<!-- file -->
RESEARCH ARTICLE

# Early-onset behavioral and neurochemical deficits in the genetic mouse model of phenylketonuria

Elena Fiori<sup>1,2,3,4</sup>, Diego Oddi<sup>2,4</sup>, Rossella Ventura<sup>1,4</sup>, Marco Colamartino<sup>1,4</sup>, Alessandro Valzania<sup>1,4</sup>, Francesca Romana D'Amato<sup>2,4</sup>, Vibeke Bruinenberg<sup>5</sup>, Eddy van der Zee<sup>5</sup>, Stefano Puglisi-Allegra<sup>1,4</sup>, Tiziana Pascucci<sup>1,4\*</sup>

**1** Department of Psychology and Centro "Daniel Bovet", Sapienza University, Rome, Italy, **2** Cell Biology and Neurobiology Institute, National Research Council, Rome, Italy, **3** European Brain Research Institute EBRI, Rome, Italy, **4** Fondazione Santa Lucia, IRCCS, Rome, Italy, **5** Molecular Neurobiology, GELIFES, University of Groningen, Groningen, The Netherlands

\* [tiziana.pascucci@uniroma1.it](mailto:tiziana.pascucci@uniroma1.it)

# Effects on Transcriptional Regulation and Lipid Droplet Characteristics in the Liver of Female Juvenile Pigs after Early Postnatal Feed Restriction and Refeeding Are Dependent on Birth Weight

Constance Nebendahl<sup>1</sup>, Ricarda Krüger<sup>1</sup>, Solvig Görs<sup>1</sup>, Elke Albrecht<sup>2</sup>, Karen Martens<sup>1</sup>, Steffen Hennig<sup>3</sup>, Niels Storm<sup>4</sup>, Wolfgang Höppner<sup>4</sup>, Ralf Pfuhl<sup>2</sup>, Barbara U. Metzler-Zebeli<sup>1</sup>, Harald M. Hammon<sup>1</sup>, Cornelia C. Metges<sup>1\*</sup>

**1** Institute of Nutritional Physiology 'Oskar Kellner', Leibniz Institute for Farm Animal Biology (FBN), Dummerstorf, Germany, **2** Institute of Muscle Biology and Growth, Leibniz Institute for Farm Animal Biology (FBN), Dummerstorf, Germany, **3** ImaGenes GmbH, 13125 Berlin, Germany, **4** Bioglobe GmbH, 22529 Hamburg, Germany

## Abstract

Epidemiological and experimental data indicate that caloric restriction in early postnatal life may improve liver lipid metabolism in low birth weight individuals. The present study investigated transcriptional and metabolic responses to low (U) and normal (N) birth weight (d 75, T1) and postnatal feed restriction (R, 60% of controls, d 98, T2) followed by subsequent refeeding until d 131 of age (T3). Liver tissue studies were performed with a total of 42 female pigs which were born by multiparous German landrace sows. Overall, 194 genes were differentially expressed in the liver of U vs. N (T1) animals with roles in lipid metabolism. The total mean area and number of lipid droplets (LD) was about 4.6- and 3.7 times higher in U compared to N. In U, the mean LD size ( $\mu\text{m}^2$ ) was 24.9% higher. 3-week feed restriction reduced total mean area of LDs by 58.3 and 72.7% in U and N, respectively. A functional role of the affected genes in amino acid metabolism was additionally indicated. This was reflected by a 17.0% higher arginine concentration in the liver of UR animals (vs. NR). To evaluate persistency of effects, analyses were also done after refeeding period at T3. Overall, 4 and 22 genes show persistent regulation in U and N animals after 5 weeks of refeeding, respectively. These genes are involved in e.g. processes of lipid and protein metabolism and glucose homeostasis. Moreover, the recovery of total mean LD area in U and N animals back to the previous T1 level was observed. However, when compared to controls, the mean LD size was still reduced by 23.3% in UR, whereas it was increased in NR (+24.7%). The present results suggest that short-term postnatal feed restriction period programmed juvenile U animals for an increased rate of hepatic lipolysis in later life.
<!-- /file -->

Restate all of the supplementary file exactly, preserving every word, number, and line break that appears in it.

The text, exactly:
RESEARCH ARTICLE

# Early-onset behavioral and neurochemical deficits in the genetic mouse model of phenylketonuria

Elena Fiori<sup>1,2,3,4</sup>, Diego Oddi<sup>2,4</sup>, Rossella Ventura<sup>1,4</sup>, Marco Colamartino<sup>1,4</sup>, Alessandro Valzania<sup>1,4</sup>, Francesca Romana D'Amato<sup>2,4</sup>, Vibeke Bruinenberg<sup>5</sup>, Eddy van der Zee<sup>5</sup>, Stefano Puglisi-Allegra<sup>1,4</sup>, Tiziana Pascucci<sup>1,4\*</sup>

**1** Department of Psychology and Centro "Daniel Bovet", Sapienza University, Rome, Italy, **2** Cell Biology and Neurobiology Institute, National Research Council, Rome, Italy, **3** European Brain Research Institute EBRI, Rome, Italy, **4** Fondazione Santa Lucia, IRCCS, Rome, Italy, **5** Molecular Neurobiology, GELIFES, University of Groningen, Groningen, The Netherlands

\* [tiziana.pascucci@uniroma1.it](mailto:tiziana.pascucci@uniroma1.it)

# Effects on Transcriptional Regulation and Lipid Droplet Characteristics in the Liver of Female Juvenile Pigs after Early Postnatal Feed Restriction and Refeeding Are Dependent on Birth Weight

Constance Nebendahl<sup>1</sup>, Ricarda Krüger<sup>1</sup>, Solvig Görs<sup>1</sup>, Elke Albrecht<sup>2</sup>, Karen Martens<sup>1</sup>, Steffen Hennig<sup>3</sup>, Niels Storm<sup>4</sup>, Wolfgang Höppner<sup>4</sup>, Ralf Pfuhl<sup>2</sup>, Barbara U. Metzler-Zebeli<sup>1</sup>, Harald M. Hammon<sup>1</sup>, Cornelia C. Metges<sup>1\*</sup>

**1** Institute of Nutritional Physiology 'Oskar Kellner', Leibniz Institute for Farm Animal Biology (FBN), Dummerstorf, Germany, **2** Institute of Muscle Biology and Growth, Leibniz Institute for Farm Animal Biology (FBN), Dummerstorf, Germany, **3** ImaGenes GmbH, 13125 Berlin, Germany, **4** Bioglobe GmbH, 22529 Hamburg, Germany

## Abstract

Epidemiological and experimental data indicate that caloric restriction in early postnatal life may improve liver lipid metabolism in low birth weight individuals. The present study investigated transcriptional and metabolic responses to low (U) and normal (N) birth weight (d 75, T1) and postnatal feed restriction (R, 60% of controls, d 98, T2) followed by subsequent refeeding until d 131 of age (T3). Liver tissue studies were performed with a total of 42 female pigs which were born by multiparous German landrace sows. Overall, 194 genes were differentially expressed in the liver of U vs. N (T1) animals with roles in lipid metabolism. The total mean area and number of lipid droplets (LD) was about 4.6- and 3.7 times higher in U compared to N. In U, the mean LD size ( $\mu\text{m}^2$ ) was 24.9% higher. 3-week feed restriction reduced total mean area of LDs by 58.3 and 72.7% in U and N, respectively. A functional role of the affected genes in amino acid metabolism was additionally indicated. This was reflected by a 17.0% higher arginine concentration in the liver of UR animals (vs. NR). To evaluate persistency of effects, analyses were also done after refeeding period at T3. Overall, 4 and 22 genes show persistent regulation in U and N animals after 5 weeks of refeeding, respectively. These genes are involved in e.g. processes of lipid and protein metabolism and glucose homeostasis. Moreover, the recovery of total mean LD area in U and N animals back to the previous T1 level was observed. However, when compared to controls, the mean LD size was still reduced by 23.3% in UR, whereas it was increased in NR (+24.7%). The present results suggest that short-term postnatal feed restriction period programmed juvenile U animals for an increased rate of hepatic lipolysis in later life.